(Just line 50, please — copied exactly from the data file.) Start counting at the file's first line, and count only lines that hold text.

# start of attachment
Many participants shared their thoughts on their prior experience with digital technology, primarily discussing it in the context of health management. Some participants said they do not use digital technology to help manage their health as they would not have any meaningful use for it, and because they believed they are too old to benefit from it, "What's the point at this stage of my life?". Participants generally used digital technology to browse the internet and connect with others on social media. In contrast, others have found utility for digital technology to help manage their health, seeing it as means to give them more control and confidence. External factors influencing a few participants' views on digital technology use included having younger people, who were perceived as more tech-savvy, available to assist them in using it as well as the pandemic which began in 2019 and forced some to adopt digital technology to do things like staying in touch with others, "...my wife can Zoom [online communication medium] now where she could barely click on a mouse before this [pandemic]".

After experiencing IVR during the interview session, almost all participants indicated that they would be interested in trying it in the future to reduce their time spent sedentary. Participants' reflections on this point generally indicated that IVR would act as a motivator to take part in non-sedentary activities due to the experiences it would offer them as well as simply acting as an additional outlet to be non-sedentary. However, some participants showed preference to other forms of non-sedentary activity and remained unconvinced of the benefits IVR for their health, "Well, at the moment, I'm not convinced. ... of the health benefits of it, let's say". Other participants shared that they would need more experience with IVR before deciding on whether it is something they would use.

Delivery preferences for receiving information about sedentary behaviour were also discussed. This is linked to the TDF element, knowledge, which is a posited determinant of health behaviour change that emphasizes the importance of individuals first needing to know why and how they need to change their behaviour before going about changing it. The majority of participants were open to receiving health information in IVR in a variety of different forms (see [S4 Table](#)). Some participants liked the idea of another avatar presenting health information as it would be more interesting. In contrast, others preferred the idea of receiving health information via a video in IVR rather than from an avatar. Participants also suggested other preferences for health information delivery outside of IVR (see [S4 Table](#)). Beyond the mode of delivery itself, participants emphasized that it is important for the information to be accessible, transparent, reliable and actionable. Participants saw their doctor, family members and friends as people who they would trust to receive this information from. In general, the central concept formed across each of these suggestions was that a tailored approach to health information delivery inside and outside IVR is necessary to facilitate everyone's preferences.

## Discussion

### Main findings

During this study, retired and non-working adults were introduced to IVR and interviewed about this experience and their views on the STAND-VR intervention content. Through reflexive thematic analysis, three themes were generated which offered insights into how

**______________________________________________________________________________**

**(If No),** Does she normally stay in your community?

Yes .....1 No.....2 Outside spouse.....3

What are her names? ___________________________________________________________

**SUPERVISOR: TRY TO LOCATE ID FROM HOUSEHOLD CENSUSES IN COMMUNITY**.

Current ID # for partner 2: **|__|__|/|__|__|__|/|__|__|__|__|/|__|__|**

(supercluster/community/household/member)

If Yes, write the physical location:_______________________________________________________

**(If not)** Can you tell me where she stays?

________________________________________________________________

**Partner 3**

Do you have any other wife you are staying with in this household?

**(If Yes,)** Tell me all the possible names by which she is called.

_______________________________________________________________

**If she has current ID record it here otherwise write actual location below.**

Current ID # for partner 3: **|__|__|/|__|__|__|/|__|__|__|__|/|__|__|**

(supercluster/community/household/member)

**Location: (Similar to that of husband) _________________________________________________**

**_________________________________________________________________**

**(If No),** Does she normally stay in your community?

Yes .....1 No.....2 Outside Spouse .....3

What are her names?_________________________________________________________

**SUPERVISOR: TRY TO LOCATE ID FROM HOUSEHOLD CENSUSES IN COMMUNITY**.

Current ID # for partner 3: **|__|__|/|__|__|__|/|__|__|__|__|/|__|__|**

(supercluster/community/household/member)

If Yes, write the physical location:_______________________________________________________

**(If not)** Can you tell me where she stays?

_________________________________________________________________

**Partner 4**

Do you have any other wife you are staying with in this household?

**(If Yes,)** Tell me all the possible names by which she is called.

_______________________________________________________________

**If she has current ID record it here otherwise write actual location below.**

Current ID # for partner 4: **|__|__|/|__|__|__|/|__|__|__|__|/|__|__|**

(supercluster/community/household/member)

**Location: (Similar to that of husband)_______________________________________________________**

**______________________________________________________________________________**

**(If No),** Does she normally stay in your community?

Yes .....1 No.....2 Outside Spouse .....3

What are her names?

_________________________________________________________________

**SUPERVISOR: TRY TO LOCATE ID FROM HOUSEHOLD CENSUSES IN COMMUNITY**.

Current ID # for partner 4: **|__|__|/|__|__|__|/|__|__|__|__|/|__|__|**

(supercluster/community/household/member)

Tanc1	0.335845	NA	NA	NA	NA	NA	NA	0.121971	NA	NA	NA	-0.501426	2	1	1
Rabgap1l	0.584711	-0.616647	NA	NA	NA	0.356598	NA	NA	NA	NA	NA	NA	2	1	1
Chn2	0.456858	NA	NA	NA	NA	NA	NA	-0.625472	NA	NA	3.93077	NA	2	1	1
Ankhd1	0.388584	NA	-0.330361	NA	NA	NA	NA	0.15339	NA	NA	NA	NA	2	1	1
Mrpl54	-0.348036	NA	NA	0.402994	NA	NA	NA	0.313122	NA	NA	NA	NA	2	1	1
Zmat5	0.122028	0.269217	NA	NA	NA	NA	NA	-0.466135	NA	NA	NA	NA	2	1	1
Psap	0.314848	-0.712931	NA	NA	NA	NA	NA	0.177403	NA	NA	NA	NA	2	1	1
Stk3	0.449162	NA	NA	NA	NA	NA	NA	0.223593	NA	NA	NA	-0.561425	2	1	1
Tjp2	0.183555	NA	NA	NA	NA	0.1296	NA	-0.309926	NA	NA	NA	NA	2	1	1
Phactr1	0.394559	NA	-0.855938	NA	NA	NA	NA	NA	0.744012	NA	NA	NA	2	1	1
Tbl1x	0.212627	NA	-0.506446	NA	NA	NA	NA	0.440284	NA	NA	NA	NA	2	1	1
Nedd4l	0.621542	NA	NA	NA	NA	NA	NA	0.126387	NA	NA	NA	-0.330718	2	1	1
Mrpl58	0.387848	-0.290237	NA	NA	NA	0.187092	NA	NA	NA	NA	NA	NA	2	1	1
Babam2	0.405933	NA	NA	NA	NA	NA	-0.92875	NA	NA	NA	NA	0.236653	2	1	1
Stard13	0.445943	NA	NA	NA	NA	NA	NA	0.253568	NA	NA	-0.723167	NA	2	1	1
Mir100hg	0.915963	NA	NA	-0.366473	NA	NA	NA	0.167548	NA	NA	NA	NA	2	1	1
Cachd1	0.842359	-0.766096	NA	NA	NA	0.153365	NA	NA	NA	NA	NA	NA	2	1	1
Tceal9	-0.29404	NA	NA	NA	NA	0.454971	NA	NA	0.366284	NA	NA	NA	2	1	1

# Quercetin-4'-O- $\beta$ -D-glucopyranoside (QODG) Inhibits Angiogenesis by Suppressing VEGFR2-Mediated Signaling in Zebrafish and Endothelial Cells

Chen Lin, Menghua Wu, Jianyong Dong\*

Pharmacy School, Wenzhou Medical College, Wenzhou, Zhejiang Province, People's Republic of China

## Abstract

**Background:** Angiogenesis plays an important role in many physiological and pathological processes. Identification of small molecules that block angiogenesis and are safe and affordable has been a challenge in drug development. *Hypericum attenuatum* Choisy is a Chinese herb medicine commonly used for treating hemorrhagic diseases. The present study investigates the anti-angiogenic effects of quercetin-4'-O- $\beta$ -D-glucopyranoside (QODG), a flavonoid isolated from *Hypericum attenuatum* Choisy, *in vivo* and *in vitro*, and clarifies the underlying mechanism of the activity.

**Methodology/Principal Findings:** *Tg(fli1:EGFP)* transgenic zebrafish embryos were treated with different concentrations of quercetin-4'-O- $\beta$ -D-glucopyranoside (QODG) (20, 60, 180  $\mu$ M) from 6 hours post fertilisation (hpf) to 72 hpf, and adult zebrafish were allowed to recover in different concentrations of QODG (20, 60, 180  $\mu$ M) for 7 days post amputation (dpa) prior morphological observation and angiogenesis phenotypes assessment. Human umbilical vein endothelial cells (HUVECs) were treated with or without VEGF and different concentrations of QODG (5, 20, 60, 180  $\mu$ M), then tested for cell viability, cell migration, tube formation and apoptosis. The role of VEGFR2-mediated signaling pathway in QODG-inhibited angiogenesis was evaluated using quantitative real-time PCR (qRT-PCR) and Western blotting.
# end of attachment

(supercluster/community/household/member)